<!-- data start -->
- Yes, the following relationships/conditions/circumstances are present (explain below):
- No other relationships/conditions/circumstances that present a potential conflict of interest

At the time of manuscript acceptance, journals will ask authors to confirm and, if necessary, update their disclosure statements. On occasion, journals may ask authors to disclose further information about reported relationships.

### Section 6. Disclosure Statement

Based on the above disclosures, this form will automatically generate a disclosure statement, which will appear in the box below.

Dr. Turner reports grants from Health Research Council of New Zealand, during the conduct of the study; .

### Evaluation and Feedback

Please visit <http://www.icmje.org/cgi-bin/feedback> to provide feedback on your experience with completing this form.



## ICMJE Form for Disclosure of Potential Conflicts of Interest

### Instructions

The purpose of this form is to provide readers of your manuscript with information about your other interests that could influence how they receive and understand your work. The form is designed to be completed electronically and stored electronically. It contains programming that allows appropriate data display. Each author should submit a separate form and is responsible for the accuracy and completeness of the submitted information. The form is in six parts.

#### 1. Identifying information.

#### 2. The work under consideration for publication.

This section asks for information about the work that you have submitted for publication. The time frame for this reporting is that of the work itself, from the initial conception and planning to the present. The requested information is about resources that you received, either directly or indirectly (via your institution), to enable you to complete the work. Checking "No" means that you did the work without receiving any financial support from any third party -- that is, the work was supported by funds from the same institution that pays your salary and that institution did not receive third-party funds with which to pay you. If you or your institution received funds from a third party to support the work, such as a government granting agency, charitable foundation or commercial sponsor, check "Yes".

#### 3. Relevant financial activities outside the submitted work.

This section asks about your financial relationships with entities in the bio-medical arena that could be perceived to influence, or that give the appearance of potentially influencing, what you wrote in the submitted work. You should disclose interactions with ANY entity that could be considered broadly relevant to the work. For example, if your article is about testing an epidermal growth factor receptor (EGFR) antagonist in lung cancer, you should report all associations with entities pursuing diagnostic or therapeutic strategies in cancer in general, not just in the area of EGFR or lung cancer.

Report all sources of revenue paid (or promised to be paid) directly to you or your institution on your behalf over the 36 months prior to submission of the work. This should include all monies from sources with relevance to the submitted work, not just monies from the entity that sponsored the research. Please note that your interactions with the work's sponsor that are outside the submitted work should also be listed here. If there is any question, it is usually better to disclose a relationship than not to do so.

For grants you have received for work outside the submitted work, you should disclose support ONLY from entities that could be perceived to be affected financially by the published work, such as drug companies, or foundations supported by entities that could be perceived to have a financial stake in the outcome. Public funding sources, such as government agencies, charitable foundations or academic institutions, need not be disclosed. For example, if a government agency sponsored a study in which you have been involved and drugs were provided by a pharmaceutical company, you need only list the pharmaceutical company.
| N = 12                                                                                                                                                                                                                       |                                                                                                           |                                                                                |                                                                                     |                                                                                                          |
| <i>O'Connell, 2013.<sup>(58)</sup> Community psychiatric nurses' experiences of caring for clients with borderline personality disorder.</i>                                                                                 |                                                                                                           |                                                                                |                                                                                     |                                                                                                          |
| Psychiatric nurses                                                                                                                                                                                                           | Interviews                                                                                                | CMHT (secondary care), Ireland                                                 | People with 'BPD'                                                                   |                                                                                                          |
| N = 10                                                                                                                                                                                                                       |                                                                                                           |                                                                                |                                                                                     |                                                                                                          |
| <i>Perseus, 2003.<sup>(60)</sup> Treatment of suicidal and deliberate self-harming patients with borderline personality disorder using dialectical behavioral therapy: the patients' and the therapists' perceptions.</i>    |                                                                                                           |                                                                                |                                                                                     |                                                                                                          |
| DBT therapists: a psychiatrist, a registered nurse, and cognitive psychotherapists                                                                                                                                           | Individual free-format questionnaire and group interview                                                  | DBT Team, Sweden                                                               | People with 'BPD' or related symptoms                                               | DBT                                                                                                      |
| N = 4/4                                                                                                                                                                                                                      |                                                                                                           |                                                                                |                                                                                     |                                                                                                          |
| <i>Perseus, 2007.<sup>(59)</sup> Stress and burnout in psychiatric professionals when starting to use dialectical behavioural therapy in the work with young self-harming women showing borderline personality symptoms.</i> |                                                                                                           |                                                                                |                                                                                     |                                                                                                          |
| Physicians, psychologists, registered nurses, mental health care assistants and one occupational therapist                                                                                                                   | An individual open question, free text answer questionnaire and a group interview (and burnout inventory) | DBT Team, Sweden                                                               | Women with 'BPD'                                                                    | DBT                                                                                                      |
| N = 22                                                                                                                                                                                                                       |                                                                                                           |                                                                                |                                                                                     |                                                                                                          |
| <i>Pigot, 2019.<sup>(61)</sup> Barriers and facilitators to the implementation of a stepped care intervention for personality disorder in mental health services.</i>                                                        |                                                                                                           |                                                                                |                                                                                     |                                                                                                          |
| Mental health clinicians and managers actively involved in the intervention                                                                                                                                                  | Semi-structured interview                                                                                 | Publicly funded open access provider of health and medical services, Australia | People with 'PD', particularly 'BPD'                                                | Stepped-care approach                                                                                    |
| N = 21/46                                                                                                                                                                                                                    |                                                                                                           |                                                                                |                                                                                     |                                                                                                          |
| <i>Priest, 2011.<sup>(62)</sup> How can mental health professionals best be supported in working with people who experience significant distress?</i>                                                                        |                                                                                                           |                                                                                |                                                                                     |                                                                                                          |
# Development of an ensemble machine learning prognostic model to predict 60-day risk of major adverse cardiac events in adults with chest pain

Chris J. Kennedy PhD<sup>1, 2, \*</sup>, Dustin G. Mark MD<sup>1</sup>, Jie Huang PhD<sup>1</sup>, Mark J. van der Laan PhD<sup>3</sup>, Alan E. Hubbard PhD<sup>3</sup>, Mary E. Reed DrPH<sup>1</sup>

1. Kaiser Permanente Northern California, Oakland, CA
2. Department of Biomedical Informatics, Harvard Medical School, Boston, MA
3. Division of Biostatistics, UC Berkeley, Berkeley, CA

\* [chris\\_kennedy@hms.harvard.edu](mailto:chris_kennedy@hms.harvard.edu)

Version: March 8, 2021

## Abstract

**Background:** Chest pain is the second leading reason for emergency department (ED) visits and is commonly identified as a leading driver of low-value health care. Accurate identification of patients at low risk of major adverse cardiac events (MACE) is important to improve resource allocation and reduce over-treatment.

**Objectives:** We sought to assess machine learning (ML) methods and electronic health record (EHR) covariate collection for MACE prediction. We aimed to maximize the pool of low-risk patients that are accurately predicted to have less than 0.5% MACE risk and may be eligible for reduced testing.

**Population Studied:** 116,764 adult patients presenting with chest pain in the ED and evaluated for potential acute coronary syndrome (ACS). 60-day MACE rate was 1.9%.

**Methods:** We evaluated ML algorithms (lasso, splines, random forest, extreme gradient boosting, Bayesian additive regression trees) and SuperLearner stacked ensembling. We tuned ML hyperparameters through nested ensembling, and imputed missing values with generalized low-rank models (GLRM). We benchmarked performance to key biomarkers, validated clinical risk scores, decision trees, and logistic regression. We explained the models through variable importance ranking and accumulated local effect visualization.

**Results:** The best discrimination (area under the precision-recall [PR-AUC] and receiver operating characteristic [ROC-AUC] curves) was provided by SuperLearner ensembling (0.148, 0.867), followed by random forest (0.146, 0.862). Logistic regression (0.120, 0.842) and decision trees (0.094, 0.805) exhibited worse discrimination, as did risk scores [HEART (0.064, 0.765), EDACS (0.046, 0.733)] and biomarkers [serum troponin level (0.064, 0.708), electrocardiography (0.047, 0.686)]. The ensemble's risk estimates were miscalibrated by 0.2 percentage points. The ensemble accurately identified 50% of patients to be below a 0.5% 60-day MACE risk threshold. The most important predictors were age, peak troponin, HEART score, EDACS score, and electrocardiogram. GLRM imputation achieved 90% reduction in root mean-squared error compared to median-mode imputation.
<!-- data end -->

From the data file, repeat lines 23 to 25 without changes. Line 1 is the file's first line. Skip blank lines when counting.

| <i>Perseus, 2003.<sup>(60)</sup> Treatment of suicidal and deliberate self-harming patients with borderline personality disorder using dialectical behavioral therapy: the patients' and the therapists' perceptions.</i>    |                                                                                                           |                                                                                |                                                                                     |                                                                                                          |
| DBT therapists: a psychiatrist, a registered nurse, and cognitive psychotherapists                                                                                                                                           | Individual free-format questionnaire and group interview                                                  | DBT Team, Sweden                                                               | People with 'BPD' or related symptoms                                               | DBT                                                                                                      |
| N = 4/4                                                                                                                                                                                                                      |                                                                                                           |                                                                                |                                                                                     |                                                                                                          |